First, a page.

The presence of clouds and shadows mean plants live in a constantly changing world of light. Researchers have identified that plants can detect shadows but how do they do it and how do they maximize efficiency for capturing sunlight?
The changing world of plants
The presence of clouds and shadows mean plants live in a constantly changing world of light.
Researchers have identified that plants can detect shadows.
But how do they do it, and how do they maximize efficiency for capturing sunlight?
Here's the story.
It's not easy being a plant.
♪♪ That's because your world is constantly changing in providing one of the most important things needed to survive -- sunlight.
Watch this time-lapse video.
Once the sun rises, clouds come by.
Shadows move. Sunlight flickers.
The sun sets.
It's clear sunlight isn't always there, and plants use sunlight as energy to make food.
You can think of light as a nutrient, like water.
Plants need water.
Plants need nutrients like potassium and nitrogen.
We add fertilizer to our garden.
They need carbon dioxide.
And plants are competing for these things, and they're competing for light.
Plants need three basic things to live -- water from the soil, carbon dioxide from the air, and energy from the sun.
Plants combine those ingredients to make food in a process called photosynthesis.
It all happens in the plant's cells.
Plants capture sunlight using a compound called Chlorophyll.
Chlorophyll is found inside a structure called a chloroplast.
Photosynthesis converts sunlight into chemical energy which is used to make glucose, or sugar, along with oxygen.
Plants use glucose to live and grow.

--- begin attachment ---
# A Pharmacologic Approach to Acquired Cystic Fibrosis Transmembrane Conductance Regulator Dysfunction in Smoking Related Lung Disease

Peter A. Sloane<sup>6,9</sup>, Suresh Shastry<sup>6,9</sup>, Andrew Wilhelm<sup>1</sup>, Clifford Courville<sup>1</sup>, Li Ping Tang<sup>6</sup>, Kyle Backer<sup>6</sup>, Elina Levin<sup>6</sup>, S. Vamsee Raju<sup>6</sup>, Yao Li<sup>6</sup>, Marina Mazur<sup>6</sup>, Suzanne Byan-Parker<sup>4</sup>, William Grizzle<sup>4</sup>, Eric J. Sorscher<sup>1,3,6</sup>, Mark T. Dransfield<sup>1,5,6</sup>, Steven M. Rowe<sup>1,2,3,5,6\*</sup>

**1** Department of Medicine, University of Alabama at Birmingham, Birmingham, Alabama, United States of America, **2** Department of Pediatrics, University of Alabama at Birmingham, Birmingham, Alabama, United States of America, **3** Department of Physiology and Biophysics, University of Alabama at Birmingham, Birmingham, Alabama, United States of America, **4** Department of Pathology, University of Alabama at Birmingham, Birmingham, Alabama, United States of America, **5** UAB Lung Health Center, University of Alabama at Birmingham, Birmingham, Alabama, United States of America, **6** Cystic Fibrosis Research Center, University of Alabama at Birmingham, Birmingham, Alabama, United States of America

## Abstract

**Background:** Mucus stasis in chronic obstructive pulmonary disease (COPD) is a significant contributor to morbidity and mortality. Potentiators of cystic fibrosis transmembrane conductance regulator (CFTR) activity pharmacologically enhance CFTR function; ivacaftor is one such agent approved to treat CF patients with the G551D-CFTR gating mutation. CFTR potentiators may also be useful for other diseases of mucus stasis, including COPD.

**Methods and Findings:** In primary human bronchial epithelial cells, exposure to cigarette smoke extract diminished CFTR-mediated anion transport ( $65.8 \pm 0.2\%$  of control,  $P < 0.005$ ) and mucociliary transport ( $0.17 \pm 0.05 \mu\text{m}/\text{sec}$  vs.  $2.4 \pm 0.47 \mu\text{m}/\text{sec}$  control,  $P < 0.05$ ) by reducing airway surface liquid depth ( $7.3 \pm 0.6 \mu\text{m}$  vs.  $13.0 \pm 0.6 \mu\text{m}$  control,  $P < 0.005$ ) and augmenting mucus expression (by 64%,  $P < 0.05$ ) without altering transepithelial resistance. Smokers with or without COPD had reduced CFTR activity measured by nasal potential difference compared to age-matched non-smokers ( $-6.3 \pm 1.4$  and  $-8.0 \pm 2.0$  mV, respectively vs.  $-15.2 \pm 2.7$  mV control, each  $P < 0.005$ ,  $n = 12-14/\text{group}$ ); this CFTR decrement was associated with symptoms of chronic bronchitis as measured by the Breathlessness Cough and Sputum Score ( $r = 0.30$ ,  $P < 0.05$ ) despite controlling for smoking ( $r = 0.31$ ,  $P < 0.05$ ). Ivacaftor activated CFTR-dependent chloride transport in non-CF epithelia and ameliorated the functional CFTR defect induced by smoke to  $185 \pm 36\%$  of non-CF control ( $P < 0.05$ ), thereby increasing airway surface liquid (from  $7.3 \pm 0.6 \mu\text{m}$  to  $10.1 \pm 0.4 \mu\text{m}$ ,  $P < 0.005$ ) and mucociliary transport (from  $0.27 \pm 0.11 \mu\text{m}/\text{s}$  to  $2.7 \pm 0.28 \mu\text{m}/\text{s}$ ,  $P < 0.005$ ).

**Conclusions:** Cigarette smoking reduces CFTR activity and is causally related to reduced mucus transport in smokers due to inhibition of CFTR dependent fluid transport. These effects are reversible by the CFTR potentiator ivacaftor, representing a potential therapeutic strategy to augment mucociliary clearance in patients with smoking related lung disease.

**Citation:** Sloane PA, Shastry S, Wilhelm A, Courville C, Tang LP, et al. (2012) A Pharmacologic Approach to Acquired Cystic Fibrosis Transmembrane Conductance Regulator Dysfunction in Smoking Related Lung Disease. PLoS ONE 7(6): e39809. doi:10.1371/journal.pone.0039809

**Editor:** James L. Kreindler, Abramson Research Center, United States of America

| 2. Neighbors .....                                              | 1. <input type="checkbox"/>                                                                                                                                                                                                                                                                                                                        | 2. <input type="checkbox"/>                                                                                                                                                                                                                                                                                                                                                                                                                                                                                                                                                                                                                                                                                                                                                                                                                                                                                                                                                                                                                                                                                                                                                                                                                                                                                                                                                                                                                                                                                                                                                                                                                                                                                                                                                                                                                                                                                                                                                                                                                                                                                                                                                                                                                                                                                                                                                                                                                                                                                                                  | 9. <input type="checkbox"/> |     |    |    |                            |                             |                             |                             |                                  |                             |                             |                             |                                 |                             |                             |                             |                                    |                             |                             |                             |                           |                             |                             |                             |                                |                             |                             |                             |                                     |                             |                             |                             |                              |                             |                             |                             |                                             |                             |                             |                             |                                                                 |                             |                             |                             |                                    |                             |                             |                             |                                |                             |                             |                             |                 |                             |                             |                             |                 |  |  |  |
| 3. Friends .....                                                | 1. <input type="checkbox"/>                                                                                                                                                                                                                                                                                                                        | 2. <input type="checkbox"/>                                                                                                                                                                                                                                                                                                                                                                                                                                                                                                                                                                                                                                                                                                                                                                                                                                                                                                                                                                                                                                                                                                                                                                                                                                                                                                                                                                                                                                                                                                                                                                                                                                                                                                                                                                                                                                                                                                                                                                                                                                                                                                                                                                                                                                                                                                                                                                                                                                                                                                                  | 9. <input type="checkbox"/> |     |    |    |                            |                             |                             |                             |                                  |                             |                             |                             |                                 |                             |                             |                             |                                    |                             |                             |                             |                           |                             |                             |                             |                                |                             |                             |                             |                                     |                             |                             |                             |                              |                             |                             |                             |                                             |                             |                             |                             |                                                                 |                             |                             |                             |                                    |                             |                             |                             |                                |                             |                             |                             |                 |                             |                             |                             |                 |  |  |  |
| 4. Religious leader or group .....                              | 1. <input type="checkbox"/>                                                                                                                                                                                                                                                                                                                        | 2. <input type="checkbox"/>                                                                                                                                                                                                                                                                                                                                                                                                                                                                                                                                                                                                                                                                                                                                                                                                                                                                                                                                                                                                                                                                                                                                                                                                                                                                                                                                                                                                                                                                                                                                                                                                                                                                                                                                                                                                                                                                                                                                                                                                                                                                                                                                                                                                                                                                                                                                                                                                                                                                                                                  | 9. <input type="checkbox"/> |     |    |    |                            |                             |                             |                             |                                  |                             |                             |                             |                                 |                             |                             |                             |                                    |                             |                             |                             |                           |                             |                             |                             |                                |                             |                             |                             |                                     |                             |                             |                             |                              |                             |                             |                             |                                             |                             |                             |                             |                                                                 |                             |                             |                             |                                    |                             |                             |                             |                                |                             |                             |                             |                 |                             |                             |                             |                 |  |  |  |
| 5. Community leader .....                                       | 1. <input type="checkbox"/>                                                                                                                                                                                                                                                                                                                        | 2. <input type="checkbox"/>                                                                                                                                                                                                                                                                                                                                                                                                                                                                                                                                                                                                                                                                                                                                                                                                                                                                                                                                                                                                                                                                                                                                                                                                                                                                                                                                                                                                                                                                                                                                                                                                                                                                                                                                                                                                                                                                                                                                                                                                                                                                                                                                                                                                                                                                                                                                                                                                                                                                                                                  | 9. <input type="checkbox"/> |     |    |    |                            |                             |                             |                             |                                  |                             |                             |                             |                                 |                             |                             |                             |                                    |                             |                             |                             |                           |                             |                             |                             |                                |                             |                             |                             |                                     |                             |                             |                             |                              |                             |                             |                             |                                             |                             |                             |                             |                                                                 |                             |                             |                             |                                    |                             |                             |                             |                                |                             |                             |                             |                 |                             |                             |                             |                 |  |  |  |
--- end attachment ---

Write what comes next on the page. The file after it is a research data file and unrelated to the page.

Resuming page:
They breathe out oxygen.
Now, let's go back to our time-lapse.
It turns out a plant's light-detection system is tied to the efficiency of photosynthesis.
They need to know right now, is it sunny? Is it dark?
Is this a shadow?
Is this flickering light important to me?
And so, in that way, they are smart.
So, this is your typical plant growth chamber.
Researchers at the University of North Carolina at Chapel Hill used a growth chamber to mimic the light changes a plant experiences throughout the day.
That led to the discovery of a protein in the plant called RGS1.
The protein detects changes in light and measures changes in glucose to control how efficiently photosynthesis works.
It knows when something is a shadow and what is a flicker of a light or the end of the day.
It kind of 'knows,' and I'm using 'know' in an anthropomorphic way because remember a plant is sessile, which means it just can't get up and go.
If the sun is too bright, it can't go into the shade like we do.
It has to stay where it's at.
And it has to become, let's say, inefficient at collecting the light because if it were too efficient, it would literally burn up.
And so what we're trying to do is determine how a plant is going to change in response to a change in its environment.
In short, when light changes a plant needs to show restraint.
If a brief shadow forms, then the plant increases the efficiency of photosynthesis.
When the sun comes out of the shadows quickly, the plant will burn up.
The plant needs to determine, 'Is this a shadow or the end of the day?'
It can all be plotted in an equation.
And so we have a plant at some height.
So this is a tiny plant.
And we say, let's let the sun shine a lot of light on the plant.
And then if the sun shines a lot of light on the plant, what we observe is a tall plant.
So what we're going to do is write this all into equations.
And so, in our equation, we have our plant height at the beginning of our experiment, and then we add some light into our plant.
And then we measure how that plant height is going to change.
And then we can plot out the height of the plant as a function of time.
So, what does a plant considered to be a shadow?
The study found any change in light that was longer than 4 minutes was determined to be more than a flicker of light, and the efficiency of photosynthesis was increased.
And my model showed that if that duration is very short, like shorter than 4 minutes, then the plant won't react at all.
The sugar is the signal.
You can think of, you know, we all think of sugars as something important as a nutrient, right?
But it's also a signal.
It's also a signal, just like a hormone is a signal or light can be a signal or, you know, sound is a signal.
The amount of sugar and how it changes in time is also a signal.